You frequently hear news of CEOs who come into a company from the outside with great promise, only to fail in a short time. Sadly, such disastrous hires often damage the company’s reputation and long-term growth along with them.
This usually happens because the outsider CEO doesn’t understand the fundamental values and mission of their new company because they haven’t “grown-up” in it, so to speak. Wanting to put their own stamp on the business, or failing to grasp customer needs, they move the organization away from its core brand.
Succession planning helps your company avoid this. By identifying and grooming an internal successor, your company ensures it will be led by someone who shares its values and deeply understand the company’s brand promise, its customers and its employees because they’ve lived it themselves.
Change happens fast. When your company knows where it’s going, your team can plan for the future.
If you position succession as part of your company’s overall growth plans, you create a path for retiring employees to hand off their years of hard-earned knowledge and transition important working relationships before they leave.
A succession plan can also help your company grow with intent as you identify and build plans for vulnerabilities in other areas of the business. Other benefits to succession planning include providing help in ascertaining which areas require innovation, setting realistic goals for growth and planning for future talent needs that may result from that growth.
Be proactive with succession planning
It can take time to find and prepare a promising candidate for a leadership role. As such, don’t dawdle with this part of your plan. Even if you don’t think you’ll need a replacement in the near future, prepping someone to assume an important role creates an invaluable safety net.
Keep an open mind
While the obvious successor may be the second in command, don’t disregard other promising employees. Look for people who best display the skills necessary to thrive in higher positions, regardless of their current title.
Make the vision known
Include potential managers in strategy conversations to help them acquire planning and leadership skills, as well as a broad vision of the organization and its objectives. Consider sharing your succession planning with human resources and your board of directors.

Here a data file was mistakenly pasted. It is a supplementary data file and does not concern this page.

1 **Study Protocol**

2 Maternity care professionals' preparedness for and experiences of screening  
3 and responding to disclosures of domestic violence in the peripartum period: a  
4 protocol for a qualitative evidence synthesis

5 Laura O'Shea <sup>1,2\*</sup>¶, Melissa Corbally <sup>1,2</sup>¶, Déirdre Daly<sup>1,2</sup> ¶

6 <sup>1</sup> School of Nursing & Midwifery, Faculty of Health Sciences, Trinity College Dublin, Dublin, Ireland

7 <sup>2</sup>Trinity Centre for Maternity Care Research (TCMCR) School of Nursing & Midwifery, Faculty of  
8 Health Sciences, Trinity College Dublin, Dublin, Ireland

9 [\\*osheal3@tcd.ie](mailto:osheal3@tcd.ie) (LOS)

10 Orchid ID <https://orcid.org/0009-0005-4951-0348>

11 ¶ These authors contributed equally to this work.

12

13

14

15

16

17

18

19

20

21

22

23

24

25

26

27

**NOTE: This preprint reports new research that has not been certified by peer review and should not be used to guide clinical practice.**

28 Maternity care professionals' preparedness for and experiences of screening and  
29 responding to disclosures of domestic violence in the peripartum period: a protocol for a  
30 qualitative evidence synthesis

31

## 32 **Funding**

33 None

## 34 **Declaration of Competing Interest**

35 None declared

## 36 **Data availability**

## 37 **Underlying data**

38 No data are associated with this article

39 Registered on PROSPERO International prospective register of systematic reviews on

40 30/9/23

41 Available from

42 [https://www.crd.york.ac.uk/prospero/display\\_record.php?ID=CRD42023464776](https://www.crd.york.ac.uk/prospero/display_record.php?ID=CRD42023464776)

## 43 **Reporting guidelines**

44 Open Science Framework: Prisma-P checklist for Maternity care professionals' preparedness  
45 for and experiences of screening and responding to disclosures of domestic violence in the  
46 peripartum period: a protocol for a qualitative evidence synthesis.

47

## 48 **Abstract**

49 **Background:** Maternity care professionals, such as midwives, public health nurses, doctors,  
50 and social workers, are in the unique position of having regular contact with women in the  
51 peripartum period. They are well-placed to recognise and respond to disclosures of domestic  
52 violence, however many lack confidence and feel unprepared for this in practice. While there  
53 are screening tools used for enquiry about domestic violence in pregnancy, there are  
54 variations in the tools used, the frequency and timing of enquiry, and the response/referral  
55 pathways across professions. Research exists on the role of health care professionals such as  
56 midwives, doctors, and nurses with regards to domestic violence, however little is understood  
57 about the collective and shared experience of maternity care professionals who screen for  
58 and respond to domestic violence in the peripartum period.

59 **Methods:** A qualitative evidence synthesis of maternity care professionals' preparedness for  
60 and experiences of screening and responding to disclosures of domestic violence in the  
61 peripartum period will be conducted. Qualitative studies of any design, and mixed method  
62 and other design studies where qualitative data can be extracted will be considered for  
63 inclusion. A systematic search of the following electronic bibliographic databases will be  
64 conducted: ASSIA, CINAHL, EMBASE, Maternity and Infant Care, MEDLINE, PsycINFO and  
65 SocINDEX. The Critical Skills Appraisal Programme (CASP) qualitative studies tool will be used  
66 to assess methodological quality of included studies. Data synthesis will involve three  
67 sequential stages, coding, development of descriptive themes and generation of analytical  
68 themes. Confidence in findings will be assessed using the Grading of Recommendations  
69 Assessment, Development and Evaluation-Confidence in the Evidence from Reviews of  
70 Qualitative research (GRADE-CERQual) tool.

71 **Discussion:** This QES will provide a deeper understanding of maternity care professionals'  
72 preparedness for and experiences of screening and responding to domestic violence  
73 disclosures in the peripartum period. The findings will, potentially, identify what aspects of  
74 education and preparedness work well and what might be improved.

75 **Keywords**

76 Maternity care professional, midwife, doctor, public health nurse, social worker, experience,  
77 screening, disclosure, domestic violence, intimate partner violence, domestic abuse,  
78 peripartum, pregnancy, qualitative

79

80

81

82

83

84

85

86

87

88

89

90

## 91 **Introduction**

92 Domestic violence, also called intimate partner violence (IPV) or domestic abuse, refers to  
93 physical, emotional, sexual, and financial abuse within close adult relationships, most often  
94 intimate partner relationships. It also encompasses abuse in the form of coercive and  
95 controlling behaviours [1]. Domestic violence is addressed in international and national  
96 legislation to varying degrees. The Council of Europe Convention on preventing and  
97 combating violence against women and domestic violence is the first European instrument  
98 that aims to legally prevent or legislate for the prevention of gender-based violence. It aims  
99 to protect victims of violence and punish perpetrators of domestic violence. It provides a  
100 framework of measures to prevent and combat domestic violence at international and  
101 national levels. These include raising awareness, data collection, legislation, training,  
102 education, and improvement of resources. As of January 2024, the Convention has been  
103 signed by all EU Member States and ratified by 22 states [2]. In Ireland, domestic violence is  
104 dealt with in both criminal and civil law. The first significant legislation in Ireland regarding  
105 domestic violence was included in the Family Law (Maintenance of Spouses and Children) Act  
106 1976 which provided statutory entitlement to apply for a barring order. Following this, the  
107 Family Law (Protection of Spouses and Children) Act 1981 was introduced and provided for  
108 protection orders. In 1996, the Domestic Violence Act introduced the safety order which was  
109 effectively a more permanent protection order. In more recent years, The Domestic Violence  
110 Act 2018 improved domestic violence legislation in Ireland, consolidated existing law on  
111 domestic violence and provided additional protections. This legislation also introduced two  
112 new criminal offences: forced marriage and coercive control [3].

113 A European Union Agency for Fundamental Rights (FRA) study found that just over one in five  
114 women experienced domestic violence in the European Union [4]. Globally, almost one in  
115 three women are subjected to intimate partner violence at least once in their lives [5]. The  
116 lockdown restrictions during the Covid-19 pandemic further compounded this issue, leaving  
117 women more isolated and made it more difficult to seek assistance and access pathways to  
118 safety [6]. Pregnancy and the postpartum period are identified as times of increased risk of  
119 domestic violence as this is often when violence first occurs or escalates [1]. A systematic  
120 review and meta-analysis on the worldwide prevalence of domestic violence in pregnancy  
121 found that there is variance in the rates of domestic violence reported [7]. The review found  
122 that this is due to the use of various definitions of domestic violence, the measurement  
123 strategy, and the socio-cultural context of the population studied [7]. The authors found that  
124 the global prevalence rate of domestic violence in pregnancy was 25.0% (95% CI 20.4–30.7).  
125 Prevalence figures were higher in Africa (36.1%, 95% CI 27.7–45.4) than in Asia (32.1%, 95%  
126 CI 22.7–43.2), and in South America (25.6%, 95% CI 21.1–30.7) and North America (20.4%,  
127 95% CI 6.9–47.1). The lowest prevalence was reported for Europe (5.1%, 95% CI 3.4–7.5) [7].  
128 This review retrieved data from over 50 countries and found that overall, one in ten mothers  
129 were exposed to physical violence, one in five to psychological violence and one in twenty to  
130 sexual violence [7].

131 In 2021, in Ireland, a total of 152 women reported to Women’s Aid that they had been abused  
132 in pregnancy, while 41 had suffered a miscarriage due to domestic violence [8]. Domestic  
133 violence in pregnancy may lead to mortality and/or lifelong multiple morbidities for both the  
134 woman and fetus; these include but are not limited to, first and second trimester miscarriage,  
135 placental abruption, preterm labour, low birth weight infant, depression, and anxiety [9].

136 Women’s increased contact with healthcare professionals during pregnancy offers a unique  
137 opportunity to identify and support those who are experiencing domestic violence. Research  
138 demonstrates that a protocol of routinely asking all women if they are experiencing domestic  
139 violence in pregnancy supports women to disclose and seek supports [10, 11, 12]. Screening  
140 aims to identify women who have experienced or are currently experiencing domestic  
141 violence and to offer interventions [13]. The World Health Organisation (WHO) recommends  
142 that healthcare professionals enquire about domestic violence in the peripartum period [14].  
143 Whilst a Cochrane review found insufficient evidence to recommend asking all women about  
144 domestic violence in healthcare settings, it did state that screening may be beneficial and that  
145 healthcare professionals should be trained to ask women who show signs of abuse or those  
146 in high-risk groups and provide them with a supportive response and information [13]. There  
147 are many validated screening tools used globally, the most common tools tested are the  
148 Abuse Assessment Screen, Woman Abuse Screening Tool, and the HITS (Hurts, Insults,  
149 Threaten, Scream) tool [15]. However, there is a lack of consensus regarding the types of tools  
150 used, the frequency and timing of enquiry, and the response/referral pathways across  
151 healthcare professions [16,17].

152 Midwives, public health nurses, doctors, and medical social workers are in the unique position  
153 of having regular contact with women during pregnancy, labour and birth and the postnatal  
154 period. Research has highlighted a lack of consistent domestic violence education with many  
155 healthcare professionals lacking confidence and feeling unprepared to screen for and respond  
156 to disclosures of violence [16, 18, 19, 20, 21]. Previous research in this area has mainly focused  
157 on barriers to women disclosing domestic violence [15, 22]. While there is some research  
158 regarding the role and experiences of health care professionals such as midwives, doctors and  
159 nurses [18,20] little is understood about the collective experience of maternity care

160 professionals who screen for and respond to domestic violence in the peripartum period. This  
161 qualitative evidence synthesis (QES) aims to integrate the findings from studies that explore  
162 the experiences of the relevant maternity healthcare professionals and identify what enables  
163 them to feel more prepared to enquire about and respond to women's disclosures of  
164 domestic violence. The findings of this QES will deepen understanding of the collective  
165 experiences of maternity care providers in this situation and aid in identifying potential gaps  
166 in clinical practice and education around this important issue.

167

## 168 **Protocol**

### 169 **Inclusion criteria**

Offer regular feedback to leaders
When someone uses well-honed presentation skills or outperforms on a project, make a note of it. Keep track of these achievements in a top-performer file so you have something to reference the next time a management position opens. Diligently chronicling topics like strong work and achievement will also come in handy during performance reviews.
Provide training to peak performers
As you identify your top performers, offer mentoring relationships, job shadowing and training, which are true articles of value to help them develop new skills and refine existing ones. Remember that good leaders not only need technical acumen but also strong interpersonal skills, including standout verbal and written communication abilities, as well as tact and diplomacy.
Use your plan to develop a hiring strategy
Once you’ve identified internal employees as successors for key roles in your organization, take note of any talent gaps. In this way, the succession planning process can help you identify where to focus your recruiting efforts.
Last but not least, a succession plan is an investment in your company's future. If you are making plans to move up the ranks in the C-suite, bear in mind you’ll need a successor, too, who’s enthusiastic about being a boss. Knowing the importance of identifying potential future leaders and developing a succession plan, you help employees feel valued for their contributions and eager to realize their potential within the company.